When To Stop Asking Why

There is a way for a six-year-old child to outsmart a Nobel Prize winner in an argument—simply by repeatedly asking one question: why? Let's begin with the Nobel Prize winner explaining a phenomenon. After their explanation, the child asks: why? The awardee then elaborates on why the phenomenon occurs. The cycle continues until the Nobel laureate eventually admits, "I don't know." This highlights that beneath all knowledge, there is an element of ignorance, regardless of how deep our understanding goes. If we want to solve a problem, investigating the cause of a problem by understanding why it happens is desired, however, it's essential to stop when the cause is beyond our control.

While exploring the causes of a phenomena are legitimate for academic investigations because academics are not expected to solve a problem only understand it, for those that need to solve the problem, continuing to explore the "why" can be a way to avoid solving the problem. The ongoing exploration may lead to causes beyond our control, providing a justification or excuse for not acting.

This dilemma is reflected in a debate about the Middle East crisis, where exploring the root causes becomes a hindrance to finding practical solutions.

In a debate with Israelis about the crisis, the suggestion to shift from the use of power to changing the mindset of Palestinians faces resistance. The Israelis argue that they are compelled to use power because they are hated, citing religious reasons. And the same with the Hamas that believes the way to expel the Jews is by using power, terrorizing them.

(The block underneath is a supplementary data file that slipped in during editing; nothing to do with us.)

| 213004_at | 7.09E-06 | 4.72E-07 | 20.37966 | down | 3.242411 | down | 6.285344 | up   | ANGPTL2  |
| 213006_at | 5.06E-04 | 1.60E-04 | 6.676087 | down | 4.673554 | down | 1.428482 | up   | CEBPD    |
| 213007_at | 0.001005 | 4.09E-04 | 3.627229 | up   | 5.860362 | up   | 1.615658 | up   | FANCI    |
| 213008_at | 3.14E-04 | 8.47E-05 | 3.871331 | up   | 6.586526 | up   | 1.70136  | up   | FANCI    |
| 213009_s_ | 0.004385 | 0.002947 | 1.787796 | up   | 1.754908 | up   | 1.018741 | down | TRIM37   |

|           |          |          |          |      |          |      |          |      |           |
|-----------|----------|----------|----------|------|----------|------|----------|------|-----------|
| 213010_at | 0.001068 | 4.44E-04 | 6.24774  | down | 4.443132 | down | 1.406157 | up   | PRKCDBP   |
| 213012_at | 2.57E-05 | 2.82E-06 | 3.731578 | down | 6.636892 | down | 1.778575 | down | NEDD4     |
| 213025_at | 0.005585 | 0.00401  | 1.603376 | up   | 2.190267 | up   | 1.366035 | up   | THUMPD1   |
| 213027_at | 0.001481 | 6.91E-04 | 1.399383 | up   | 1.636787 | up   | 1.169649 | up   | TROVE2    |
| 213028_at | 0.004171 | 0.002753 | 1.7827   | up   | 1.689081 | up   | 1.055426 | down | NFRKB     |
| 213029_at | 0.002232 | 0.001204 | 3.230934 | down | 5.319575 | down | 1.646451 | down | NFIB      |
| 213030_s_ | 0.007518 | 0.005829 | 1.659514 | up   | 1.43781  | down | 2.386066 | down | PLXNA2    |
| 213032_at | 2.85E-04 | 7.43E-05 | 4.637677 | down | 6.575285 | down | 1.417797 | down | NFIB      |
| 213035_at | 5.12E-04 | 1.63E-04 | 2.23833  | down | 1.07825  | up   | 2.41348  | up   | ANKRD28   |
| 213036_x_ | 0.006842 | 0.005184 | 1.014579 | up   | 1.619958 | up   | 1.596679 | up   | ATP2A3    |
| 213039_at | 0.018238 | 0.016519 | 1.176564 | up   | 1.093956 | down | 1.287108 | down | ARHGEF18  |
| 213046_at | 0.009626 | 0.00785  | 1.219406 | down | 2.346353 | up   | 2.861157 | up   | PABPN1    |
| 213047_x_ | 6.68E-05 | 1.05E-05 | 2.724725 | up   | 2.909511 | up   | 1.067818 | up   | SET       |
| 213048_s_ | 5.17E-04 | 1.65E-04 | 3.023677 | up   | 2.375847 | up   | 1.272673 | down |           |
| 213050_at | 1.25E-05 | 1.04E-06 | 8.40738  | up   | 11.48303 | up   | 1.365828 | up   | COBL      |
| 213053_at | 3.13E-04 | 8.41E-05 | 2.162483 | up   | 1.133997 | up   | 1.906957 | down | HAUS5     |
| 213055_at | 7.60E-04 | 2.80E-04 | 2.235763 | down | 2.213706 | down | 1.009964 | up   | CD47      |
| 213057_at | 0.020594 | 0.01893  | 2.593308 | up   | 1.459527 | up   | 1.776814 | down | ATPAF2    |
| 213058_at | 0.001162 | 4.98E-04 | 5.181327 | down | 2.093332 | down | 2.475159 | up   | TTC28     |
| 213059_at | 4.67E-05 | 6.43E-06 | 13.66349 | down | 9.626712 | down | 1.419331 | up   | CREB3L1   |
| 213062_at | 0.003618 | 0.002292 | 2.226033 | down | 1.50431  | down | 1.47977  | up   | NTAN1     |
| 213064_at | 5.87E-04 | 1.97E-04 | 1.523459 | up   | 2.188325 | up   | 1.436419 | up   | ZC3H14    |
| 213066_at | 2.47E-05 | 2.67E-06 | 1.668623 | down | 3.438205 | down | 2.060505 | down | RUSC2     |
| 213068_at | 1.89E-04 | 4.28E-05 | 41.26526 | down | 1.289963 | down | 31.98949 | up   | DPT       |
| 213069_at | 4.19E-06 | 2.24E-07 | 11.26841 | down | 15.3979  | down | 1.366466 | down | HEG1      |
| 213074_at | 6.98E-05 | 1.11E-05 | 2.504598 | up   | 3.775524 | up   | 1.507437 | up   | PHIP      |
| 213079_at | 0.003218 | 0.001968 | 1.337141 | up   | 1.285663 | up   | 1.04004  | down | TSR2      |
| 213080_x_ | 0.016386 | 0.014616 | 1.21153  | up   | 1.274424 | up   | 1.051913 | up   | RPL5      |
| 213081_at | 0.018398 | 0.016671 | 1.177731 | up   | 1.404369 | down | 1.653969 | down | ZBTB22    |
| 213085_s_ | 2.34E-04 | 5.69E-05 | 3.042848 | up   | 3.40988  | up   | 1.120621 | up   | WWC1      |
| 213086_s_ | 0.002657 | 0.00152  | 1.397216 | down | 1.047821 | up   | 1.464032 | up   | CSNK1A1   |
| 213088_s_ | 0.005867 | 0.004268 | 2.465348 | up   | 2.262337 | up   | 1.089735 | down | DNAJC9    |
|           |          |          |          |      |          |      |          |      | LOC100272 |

Attributing the cause to religious reasons brings us to a dead end.  Religions do not change.  The killing of Hamas terrorists however exacerbates the issue. The more Hamas terrorists are killed, the more Palestinians join Hamas, their children, friends, and extended family. And vice versa.

To solve the problem we should not explore the cause beyond the point where it is still controllable. In this case, I suggest the conflict exists because both Hamas and the Israeli settlers who are in power, do not have a common interest to solve the problem. Each wants the other out of the Sacred Land. Thus, the first step to solve the problem is to remove both the Hamas and the settlers from the power position they have. (Notice that I stopped my exploration on the why at a cause that is supposed to be controllable, resolvable.)

In Israel it will happen, I believe, at the latest in the next elections. With Hamas, it is more complicated because they are supported by an increasing part of the Palestinian population, and they are known to execute those that oppose them. To remove them from power requires the worldwide community to stop supporting them. Sanctions against Iran could be one action to take. Furthermore, Israel should seek ways to support and cooperate in building the Gaza strip together with the Gaza Palestinians, manifesting its desire to have peace with the Palestinians, that Israel is not at war with the Palestinians but with those that are active with Hamas and threatening Israel’s security.

Why should the international community do that? Because this conflict can escalate to become the cause of a nuclear third world war. Israel in its despair, attacked from the South and East by Hamas, and from the north by Hizballah, with an army composed of reserves, cannot maintain an ongoing war, the economy will collapse. In despair it might use a nuclear device in its possession. That could create conditions where other powers with an arsenal of nuclear bombs might try to settle their own issues by nuclear means, like Russia on Ukraine, North Korea on South Korea, Pakistan on India, or Iran, etc.

It should be in the interest of the world community to replace Hamas as the power running the Palestinian people. With governments that might seek solutions without war, there might come peace to the Middle East and remove the probability of nuclear annihilation of the world.

Written by
Dr. Ichak Adizes